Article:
“Have the circumstances changed since we last spoke?”
“Have I done anything to help myself?”
If the answer is No, I keep my lips sealed. That’s not because I am suppressing my feelings, it’s because I am trying to be conscientious to others and their own thoughts and feelings. I have done my venting and I have received support in the past, so if I continue to go on the support I receive may become weaker or dwindle altogether because, and this is the important bit to remember, it’s not a tap I can turn on and off as and when I see fit.
This still applies, even when injured. If you find yourself with the belief that you can’t control how you feel, please ensure you proactively reach out for external, professional support rather than assume your partner, friend or cat will sit there and take the weight every day.
It’s Not Forever
Injuries are not life sentences. When a set back hits it can truly feel like the worst thing in the world. Don’t worry I’ve been there! My irrational, chimp brain kicks in and I firmly believe that I’ll lose every ounce of fitness I have spent all these years building, which is probably why all of the above happens - we feel we have a lot to lose.
Unfortunately, the truth is…Yes you will probably lose some fitness. However, it will come back in no time at all. The body is designed very well when it comes to maintaining fitness. It can take months for muscles and tendons to weaken. But also, once you have built fitness it's even easier than the first time to build it back.
The emotional weight you hang around your shoulders is ten times worse than the small blip on the large graph of progress throughout your running journey.
Being injured, ironically, probably hurts more emotionally than it does physically. Our lives are often filled with factors that we feel are uncontrollable, whereas running is a hobby that we have full control over most of the time. So to lose this control and have no choice but to skip your run can be painful.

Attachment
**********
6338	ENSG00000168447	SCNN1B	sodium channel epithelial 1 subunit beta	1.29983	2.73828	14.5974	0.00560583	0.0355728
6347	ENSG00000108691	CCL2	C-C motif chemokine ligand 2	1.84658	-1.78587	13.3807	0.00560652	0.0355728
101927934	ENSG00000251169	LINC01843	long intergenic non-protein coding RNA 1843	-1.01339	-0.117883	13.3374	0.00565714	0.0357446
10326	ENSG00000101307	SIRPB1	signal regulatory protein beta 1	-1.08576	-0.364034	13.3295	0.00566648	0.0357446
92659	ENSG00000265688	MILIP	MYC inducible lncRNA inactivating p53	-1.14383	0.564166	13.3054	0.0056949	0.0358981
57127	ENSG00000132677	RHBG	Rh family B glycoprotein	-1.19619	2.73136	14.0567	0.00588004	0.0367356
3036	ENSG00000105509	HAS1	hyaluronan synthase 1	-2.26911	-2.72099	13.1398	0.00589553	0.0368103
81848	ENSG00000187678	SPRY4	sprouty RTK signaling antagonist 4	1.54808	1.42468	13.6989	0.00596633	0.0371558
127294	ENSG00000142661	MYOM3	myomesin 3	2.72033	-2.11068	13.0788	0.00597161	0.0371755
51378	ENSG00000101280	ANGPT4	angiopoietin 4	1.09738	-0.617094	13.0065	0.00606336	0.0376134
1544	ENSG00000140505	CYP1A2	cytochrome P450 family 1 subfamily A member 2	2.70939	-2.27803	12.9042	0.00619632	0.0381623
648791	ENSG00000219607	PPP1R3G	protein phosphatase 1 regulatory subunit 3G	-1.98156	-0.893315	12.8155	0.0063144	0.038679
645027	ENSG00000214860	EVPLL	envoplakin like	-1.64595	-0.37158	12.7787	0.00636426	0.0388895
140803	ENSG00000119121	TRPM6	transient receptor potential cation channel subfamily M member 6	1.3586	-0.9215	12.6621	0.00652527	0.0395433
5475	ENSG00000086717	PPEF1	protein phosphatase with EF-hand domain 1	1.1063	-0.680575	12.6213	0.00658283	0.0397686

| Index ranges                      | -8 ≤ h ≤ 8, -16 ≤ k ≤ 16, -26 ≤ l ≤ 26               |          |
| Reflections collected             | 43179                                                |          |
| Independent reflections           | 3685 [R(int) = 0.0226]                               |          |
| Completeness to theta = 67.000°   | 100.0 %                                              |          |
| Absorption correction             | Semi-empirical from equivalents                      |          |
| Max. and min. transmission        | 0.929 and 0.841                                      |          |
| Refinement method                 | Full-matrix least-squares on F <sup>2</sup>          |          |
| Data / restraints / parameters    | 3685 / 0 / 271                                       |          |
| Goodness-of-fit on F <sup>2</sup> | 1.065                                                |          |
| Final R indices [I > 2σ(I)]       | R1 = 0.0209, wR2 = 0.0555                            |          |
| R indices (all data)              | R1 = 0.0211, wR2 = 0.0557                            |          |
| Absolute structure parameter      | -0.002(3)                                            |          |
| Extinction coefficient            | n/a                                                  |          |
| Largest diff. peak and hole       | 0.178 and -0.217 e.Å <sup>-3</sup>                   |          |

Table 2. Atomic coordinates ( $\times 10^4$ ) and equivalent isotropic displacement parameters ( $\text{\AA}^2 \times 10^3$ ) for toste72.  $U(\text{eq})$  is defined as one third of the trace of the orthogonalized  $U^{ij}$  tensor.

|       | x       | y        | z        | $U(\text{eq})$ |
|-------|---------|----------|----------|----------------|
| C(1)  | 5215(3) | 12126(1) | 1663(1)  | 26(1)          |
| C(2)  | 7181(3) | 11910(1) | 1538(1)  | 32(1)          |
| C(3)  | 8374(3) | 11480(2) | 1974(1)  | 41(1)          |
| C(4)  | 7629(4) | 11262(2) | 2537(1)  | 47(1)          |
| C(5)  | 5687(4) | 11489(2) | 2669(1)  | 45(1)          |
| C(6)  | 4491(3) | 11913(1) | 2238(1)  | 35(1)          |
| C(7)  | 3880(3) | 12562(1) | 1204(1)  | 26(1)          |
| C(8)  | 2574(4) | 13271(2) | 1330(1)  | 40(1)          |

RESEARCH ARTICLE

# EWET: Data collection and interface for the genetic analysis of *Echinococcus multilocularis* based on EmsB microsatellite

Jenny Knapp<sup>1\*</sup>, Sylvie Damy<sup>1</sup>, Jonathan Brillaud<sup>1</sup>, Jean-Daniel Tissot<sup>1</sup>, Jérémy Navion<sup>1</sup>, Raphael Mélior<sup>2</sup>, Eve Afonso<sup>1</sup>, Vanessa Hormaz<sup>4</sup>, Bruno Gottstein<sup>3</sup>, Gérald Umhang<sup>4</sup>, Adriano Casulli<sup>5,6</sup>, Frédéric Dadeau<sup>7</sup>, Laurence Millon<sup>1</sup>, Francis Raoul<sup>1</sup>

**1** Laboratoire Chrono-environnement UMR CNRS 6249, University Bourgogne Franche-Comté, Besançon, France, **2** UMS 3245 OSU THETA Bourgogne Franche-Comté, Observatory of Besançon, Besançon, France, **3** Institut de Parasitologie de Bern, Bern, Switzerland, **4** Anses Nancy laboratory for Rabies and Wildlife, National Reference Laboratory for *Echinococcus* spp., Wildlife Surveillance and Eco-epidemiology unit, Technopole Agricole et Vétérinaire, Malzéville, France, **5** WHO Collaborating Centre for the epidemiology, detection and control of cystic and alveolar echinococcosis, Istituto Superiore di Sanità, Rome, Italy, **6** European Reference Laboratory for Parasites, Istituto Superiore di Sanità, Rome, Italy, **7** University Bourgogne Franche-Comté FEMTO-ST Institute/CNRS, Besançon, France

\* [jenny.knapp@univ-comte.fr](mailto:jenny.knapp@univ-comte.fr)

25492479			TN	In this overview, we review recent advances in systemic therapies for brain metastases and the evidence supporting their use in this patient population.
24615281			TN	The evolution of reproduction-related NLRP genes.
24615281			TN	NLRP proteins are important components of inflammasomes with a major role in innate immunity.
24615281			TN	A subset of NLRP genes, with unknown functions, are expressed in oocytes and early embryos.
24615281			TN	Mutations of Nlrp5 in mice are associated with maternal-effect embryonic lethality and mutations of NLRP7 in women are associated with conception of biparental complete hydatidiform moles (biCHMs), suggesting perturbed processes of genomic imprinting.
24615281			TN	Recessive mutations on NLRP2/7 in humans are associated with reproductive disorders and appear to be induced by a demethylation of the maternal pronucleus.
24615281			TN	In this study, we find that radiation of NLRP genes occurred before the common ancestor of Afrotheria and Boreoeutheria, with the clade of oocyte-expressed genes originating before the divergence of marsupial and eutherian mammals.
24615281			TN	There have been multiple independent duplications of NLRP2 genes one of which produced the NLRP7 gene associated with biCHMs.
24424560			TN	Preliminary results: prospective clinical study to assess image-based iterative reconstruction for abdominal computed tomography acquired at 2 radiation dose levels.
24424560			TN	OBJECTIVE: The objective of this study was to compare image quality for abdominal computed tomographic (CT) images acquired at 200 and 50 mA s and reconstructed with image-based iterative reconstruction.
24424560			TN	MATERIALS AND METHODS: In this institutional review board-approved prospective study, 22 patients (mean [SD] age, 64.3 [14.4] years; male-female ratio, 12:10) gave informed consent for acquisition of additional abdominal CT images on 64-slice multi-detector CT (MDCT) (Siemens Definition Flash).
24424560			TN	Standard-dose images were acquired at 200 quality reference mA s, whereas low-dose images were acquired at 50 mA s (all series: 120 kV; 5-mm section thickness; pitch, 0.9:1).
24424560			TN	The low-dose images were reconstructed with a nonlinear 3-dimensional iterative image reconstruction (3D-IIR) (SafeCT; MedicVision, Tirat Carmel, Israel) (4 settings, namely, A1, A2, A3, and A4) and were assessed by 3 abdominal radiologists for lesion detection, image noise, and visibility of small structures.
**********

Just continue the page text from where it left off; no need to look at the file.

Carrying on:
“I’m desperate to be back out there as soon as possible”
“It’s the one true mental release in life”
“It gives me permission to eat chocolate every night”
“My followers on Strava are going to miss me so much if I don’t go out for a run today.”
All these are valid reasons to feel shit about an injury and you have my sympathy. But consider this...don’t become someone who has to give up the sport they love altogether because a once small injury becomes chronic. Trust me, I have trained with people who have suffered with issues for years. You do not want to be one of them.
Remind yourself that running was probably once a hobby and hobbies shouldn't bring you so much pain that you almost wished you'd never bothered in the first place. You are in control of your training plan and it's your choice whether you want to take a risk or not with your approach. Obviously, some injuries are unavoidable...but you knew that before you got into running, right?
The good news is that if dealt with appropriately, honestly and sensibly you will be able to look back on an injury as a distant memory. Even better still, it’ll be another layer of mental strength you can build from a moment of adversity. And isn’t that what life’s all about?
Take the time. Learn from your mistakes. Build a new plan. Be better. Be stronger.
Or, better still, don’t be a dick and avoid the Injury Loop of Death altogether.